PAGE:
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Ma'ximus, Fa'bius

4. Q. Fabius Maximus, Q. F. Q. N., with the agnomens VERRUCOSUs, from a wart on his upper lip, OVICULA, or the Lamb, from the mildness or apathy of his temper (Plut. Fab. 1; comp. Varr. R. R. 2.11). and CUNCTATOR, from his caution in war, grandson of Fabius Gurges, and, perhaps, son of the preceding, was consul for the first time in B. C. 233. Liguria was his province, and it afforded him a triumph (Fasti) and a pretext for de.licating a temple to Honour. (Cic. de Nat. Deor. 2.23.) He was censor in B. C. 230; consul a second time in 228; opposed the agrarian law of C. Flaminius in 227 [FLAMINIUS, No. 1]; was dictator for holding the comitia in 221, and in 218 legatus from the senate to Carthage, to demand reparation for the attack on Saguntnm. In . 100.217, immediately after the defeat at Thrasymenus, Fabius was appointed dictator, or rather, since no consul was at hahd to nominate him, pro-dictator. From this period, so long as the war with Hanni bal was merely defensive, Fabius became the leading man at Rome. His military talents were not perhaps of the highest order, but he understood beyond all his contemporaries the nature of the struggle, the genius of Hannibal, and the disposition of his own countrymen. Cicero says truly of Fabius (Rep. 1.1), bellum Punicum secundum enervavit, a more appropriate eulogy than that of Ennius, qui cunctando restituit rem, since Marcellus and Scipio restored the republic to its military eminence, whereas Fabius made it capable of restoration. His first act as dictator was to calm and corroborate the minds of the Romans by solemn sacrifice and supplication to the gods; his next to render Latium and the neighbouring districts untenable by the enemy. On taking the field he laid down a simple and immutable plan of action. He avoided all direct encounter with the enemy; moved his camp from highland to highland, where the Numidian horse and Spanish infantry could not follow him; watched Hannibal's movments with unrelaxing vigilance, cut off his stragglers and foragers, to and compelled him to weary his allies by necessary exactions, and to dishearten his soldiers by fruitless manoeuvres. His enclosure of Hannibal in one of the upland valleys between Cales and the Vulturnus, and the Carthaginian's adroit escape by driving oxen with blazing faggots fixed to their horns up the hill-sides, are well-known facts. But at Rome and in his own camp the caution of Fabius was misinterpreted. He was even suspected of wishing to prolong the war that he might retain the command; of cowardice, of incapability, and even of treachery, although he gave up the produce of his estates to ransom Roman prisoners. Hannibal alone appreciated the conduct of Fabius. But his own master of the horse, M. Minucius Rufus, headed the clamour against him, and the senate, incensed by the ravage of their Campanian estates, joined with the impatient commonalty in condemning his dilatory policy. Minucius, during a brief absence of Fabius from the camp, obtained some slight advantage over Hannibal. A tribune of the plebs, M. Metilius, brought forward a bill for dividing the command equally between the dictator and the master of the horse, and the senate and the tribes passed it. Minucius was speedily entrapped, and would have been destroyed by Hannibal, had not Fabius generously hastened to his rescue. Hannibal, on his retreat from Fabius, is reported to have said, " I thought yon cloud would one day break from the hills in a pelting storm." Minucius, who though rash was magnanimous, resigned his command, but Fabius scrupulously laid down his office at its legal expiration in six months, bequeathing his example to the consuls who sncceeded him. Aemilius copied, Varro disregarded his injunctions, and the rout at Cannae illustrated the wisdom of Fabius' warning to Aemilius,-- "Remember, you have to dread not only Hamibal but Varro." Fabius was, however, among the first on Varro's return from Cannae to thank him for not having despaired of his country; and the defensive measures which the senate adopted in that season of dismay were dictated by him. After the winter of B. C. 216-215, the wargrad? tlly asscmed a new character, and, though still eminent, Fabius was no longer its presiding spirit. He was elected pontifex in 216, was already a member of the augural college, which office he held sixty-two years (Liv. 30.26); dedicated by public commission the temple of Venus Erycina, and opposed filling up with Latins the vacancies which the war had made in the senate. In B. C. 215 he was consul for the third time, when he ravaged Campania and began the siege of Capua. On laying down the fasces he admonished the people and the senate to drop all party feelings, and to choose such men only for consuls as were competent to the times. His advice led to his own re-election, B. C. 214. In this year he made an inroad into Samnium and took Casilinum. In 213 Fabius served as legatus to his own son, Q. Fabius [No. 5], consul in that year, and an anecdote is preserved (Liv. 24.44; Plut. Fab. 24) which exemplifies the strictness of the Roman discipline. On entering the camp at Suessula Fabius advanced on horseback to greet his son. He was passing the lictors when the consul sternly bade him dismount. "My son," exclaimed the elder Fabius alighting, " I wished to see whether you would remember that you were consul." On Hannibal's march upon Rome, in B. C. 211, Fabius was again the principal stay of the senate, and earnestly dissuaded abandoning the siege of Capua, which would have been yielding to the Carthaginian's feint on the capital. Fabius was consul for the fifth time in B. C. 209, was invested with the almost hereditary title of the Fabii Maximi-Princeps senatus,-and inflicted a deadly wound on Hannibal's tenure of Southern Italy by the recapture of Tarentum. The citadel of Tarentum had never fallen into the hands of the Carthaginians, and M. Livius Macatus, its governor, some years afterwards, claimed the merit of recovering the town. " Certainly," rejoined Fabius, " had you not lost, I had never retaken it." (Plut. Fab. 23; Cic. de Orat. 2.67.) The plunder of the town was given up to the soldiers, but. a question arising whether certain colossal statues and pictures of the tutelary deities of Tarentum should be sent to Rome, " Nay," said Fabius, "let us leave to the Tarentines their angry gods." (Liv. 27.16; Plnt. Fab. 22.) He removed thither, however, a statue of Hercules, the mythic ancestor of the Fabii, and placed it in the Capitol. M. Livius Salinator and C. Claudius Nero, consuls elect for B. C. 208, were at open enmity (Liv. 27.35, 29.37; V. Max. 4.2); and their reconciliation, of the highest moment to the commonwealth, was principally the work of Fabius. In the closing years of the second Punic war Fabius appears to less advantage. The war had become aggressive under a new race of generals. Fabius, already in mature manhood at the close of the first, was advanced in years in the later period of the second Punic war. He disapproved the new tactics; he dreaded, perhaps he envied, the political supremacy of Scipio, and was his uncompromising opponent in his scheme of invading Africa. Fabius did not live to witness the issue of the war and the triumph of his rival. He died in B. C. 2043, alout the time of Hannibal's departure from Italy. His wealth was great; yet the people defrayed by contribution the funeral charges of their " father," the "great dictator," " who singly, by his caution, saved the state."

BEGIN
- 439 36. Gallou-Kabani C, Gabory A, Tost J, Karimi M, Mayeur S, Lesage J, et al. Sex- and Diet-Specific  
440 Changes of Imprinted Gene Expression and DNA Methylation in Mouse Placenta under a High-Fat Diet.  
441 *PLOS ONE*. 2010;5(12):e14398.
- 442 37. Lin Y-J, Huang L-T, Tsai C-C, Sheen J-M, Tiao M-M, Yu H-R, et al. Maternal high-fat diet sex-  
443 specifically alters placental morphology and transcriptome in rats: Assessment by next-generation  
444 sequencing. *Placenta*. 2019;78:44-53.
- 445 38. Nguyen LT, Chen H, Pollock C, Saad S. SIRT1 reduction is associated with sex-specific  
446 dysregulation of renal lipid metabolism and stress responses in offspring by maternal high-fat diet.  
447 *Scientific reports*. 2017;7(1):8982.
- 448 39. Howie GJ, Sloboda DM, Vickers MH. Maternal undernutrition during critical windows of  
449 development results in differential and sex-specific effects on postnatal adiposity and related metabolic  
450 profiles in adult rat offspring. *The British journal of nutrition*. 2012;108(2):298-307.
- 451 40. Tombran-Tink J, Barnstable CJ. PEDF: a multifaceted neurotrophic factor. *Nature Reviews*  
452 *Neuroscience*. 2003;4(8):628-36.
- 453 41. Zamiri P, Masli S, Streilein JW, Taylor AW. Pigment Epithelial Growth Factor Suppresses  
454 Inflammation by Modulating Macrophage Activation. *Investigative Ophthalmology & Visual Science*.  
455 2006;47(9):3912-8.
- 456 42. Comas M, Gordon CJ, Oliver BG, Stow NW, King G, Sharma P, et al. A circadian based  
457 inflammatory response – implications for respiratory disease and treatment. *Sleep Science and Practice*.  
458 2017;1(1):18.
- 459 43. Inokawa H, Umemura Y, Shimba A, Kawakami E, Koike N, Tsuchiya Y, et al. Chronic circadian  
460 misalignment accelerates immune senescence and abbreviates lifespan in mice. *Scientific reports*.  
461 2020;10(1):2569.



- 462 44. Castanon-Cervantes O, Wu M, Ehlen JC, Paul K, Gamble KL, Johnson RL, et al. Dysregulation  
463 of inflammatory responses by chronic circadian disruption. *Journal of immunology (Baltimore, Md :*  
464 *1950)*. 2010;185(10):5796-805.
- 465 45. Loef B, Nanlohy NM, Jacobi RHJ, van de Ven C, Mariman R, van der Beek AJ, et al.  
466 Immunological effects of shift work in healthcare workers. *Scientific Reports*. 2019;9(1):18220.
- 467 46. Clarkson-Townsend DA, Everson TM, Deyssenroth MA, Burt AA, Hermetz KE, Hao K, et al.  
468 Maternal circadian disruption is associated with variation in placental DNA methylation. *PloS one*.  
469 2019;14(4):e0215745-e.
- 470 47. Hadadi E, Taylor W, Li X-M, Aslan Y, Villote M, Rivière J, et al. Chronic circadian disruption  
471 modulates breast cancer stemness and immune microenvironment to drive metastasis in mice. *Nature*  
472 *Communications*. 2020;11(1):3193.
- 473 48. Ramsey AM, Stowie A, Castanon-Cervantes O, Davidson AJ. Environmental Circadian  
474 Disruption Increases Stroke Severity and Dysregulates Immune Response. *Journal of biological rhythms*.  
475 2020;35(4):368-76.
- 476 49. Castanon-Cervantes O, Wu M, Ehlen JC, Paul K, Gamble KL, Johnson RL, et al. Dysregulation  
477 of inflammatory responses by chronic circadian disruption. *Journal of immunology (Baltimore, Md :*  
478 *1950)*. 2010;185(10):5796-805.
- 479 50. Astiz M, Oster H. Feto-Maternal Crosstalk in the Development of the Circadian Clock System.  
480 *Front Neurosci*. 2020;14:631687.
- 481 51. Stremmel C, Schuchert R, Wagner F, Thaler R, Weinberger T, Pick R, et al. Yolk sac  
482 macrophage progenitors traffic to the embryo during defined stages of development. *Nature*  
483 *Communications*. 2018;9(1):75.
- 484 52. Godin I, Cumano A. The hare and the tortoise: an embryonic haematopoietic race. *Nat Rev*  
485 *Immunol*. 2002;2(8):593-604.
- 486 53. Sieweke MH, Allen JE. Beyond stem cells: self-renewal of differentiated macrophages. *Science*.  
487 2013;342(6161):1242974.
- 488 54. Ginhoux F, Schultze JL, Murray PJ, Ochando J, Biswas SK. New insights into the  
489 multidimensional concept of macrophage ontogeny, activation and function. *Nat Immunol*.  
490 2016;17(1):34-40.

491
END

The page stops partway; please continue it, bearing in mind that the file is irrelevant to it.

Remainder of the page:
Fabius had two sons; the younger survived him (Liv. 33.42); he pronounced the funeral omtion of the elder (Laudatio) (Cic. de Sen. 4), and though, strictly speaking, not eloquent, he was neither an unready nor all illiterate speaker. (Cic. Brut. 14, 18.) He adopted, probably on account of the tender age of his younger, and after the decease of his elder son, a son of L. Paullus Aemilius, the conqueror of Perseus. (Plut. Paull. Aem. 5.)

Besides the life, by Plutarch, which is probably a compilation from the archives of the Fabian family, the history of Fabius occupies a large space in all narratives of the second Punic war. (Plb. 3.87, 88, 89, 90, 92, 93, 94, 101, 103, 105, 106, 10.1.10, xviii. Fr. Hist. 18; Liv. xx. xxi. xxii. xxiii. xxiv. xxvi. xxvii. xxviii. xxix. xxx.; Florus, Eutropius, and the epitomists generally ; Cic. Brut. 18, Leg. Agrar. 2.22, Tuscul. 3.28, Nat. Deor. 3.32, In Verr. Ace. 5.10, De Sen. 4, 17, De Off. 1.30; Sal. Jug. 4; Varr. Fr. p. 241, ed. Bipont.; Dio Cass. Fr. 48, 55 ; Appian, Annib. 11-16, 31; Quint. Inst. 6.3. ยงยง 52, 61, 8.2.11; Plin. Nat. 22.5; Sell. de Ben. 2.7; Sil. Ital. Punic. vii.)